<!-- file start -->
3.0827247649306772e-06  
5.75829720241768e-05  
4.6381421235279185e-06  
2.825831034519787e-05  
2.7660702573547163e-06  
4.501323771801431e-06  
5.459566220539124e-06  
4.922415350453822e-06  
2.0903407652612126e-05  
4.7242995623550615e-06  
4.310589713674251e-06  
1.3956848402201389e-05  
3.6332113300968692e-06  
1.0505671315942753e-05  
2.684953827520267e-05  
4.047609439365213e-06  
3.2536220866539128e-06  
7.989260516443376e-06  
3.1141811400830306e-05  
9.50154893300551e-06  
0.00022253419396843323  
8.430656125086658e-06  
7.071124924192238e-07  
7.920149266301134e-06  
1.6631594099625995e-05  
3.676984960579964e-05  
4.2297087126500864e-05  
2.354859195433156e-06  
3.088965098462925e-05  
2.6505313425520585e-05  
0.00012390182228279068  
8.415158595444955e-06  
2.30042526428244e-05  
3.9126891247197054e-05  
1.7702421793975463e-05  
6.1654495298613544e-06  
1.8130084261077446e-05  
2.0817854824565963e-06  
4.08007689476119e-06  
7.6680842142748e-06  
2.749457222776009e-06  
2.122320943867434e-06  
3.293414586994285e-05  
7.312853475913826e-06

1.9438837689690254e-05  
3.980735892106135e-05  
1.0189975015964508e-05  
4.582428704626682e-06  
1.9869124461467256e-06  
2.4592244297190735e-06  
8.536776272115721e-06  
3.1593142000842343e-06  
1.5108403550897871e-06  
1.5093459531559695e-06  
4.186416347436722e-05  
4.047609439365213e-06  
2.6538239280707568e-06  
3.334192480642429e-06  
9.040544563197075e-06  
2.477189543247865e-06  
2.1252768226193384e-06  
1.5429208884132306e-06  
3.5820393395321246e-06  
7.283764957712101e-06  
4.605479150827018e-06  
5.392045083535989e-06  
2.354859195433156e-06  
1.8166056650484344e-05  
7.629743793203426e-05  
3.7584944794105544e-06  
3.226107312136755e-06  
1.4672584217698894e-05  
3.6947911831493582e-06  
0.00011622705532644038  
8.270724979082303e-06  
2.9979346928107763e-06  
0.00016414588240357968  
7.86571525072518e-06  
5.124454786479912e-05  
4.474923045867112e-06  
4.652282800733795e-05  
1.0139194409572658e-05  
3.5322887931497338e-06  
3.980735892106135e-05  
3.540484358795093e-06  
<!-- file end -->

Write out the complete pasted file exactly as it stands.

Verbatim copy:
3.0827247649306772e-06  
5.75829720241768e-05  
4.6381421235279185e-06  
2.825831034519787e-05  
2.7660702573547163e-06  
4.501323771801431e-06  
5.459566220539124e-06  
4.922415350453822e-06  
2.0903407652612126e-05  
4.7242995623550615e-06  
4.310589713674251e-06  
1.3956848402201389e-05  
3.6332113300968692e-06  
1.0505671315942753e-05  
2.684953827520267e-05  
4.047609439365213e-06  
3.2536220866539128e-06  
7.989260516443376e-06  
3.1141811400830306e-05  
9.50154893300551e-06  
0.00022253419396843323  
8.430656125086658e-06  
7.071124924192238e-07  
7.920149266301134e-06  
1.6631594099625995e-05  
3.676984960579964e-05  
4.2297087126500864e-05  
2.354859195433156e-06  
3.088965098462925e-05  
2.6505313425520585e-05  
0.00012390182228279068  
8.415158595444955e-06  
2.30042526428244e-05  
3.9126891247197054e-05  
1.7702421793975463e-05  
6.1654495298613544e-06  
1.8130084261077446e-05  
2.0817854824565963e-06  
4.08007689476119e-06  
7.6680842142748e-06  
2.749457222776009e-06  
2.122320943867434e-06  
3.293414586994285e-05  
7.312853475913826e-06

1.9438837689690254e-05  
3.980735892106135e-05  
1.0189975015964508e-05  
4.582428704626682e-06  
1.9869124461467256e-06  
2.4592244297190735e-06  
8.536776272115721e-06  
3.1593142000842343e-06  
1.5108403550897871e-06  
1.5093459531559695e-06  
4.186416347436722e-05  
4.047609439365213e-06  
2.6538239280707568e-06  
3.334192480642429e-06  
9.040544563197075e-06  
2.477189543247865e-06  
2.1252768226193384e-06  
1.5429208884132306e-06  
3.5820393395321246e-06  
7.283764957712101e-06  
4.605479150827018e-06  
5.392045083535989e-06  
2.354859195433156e-06  
1.8166056650484344e-05  
7.629743793203426e-05  
3.7584944794105544e-06  
3.226107312136755e-06  
1.4672584217698894e-05  
3.6947911831493582e-06  
0.00011622705532644038  
8.270724979082303e-06  
2.9979346928107763e-06  
0.00016414588240357968  
7.86571525072518e-06  
5.124454786479912e-05  
4.474923045867112e-06  
4.652282800733795e-05  
1.0139194409572658e-05  
3.5322887931497338e-06  
3.980735892106135e-05  
3.540484358795093e-06  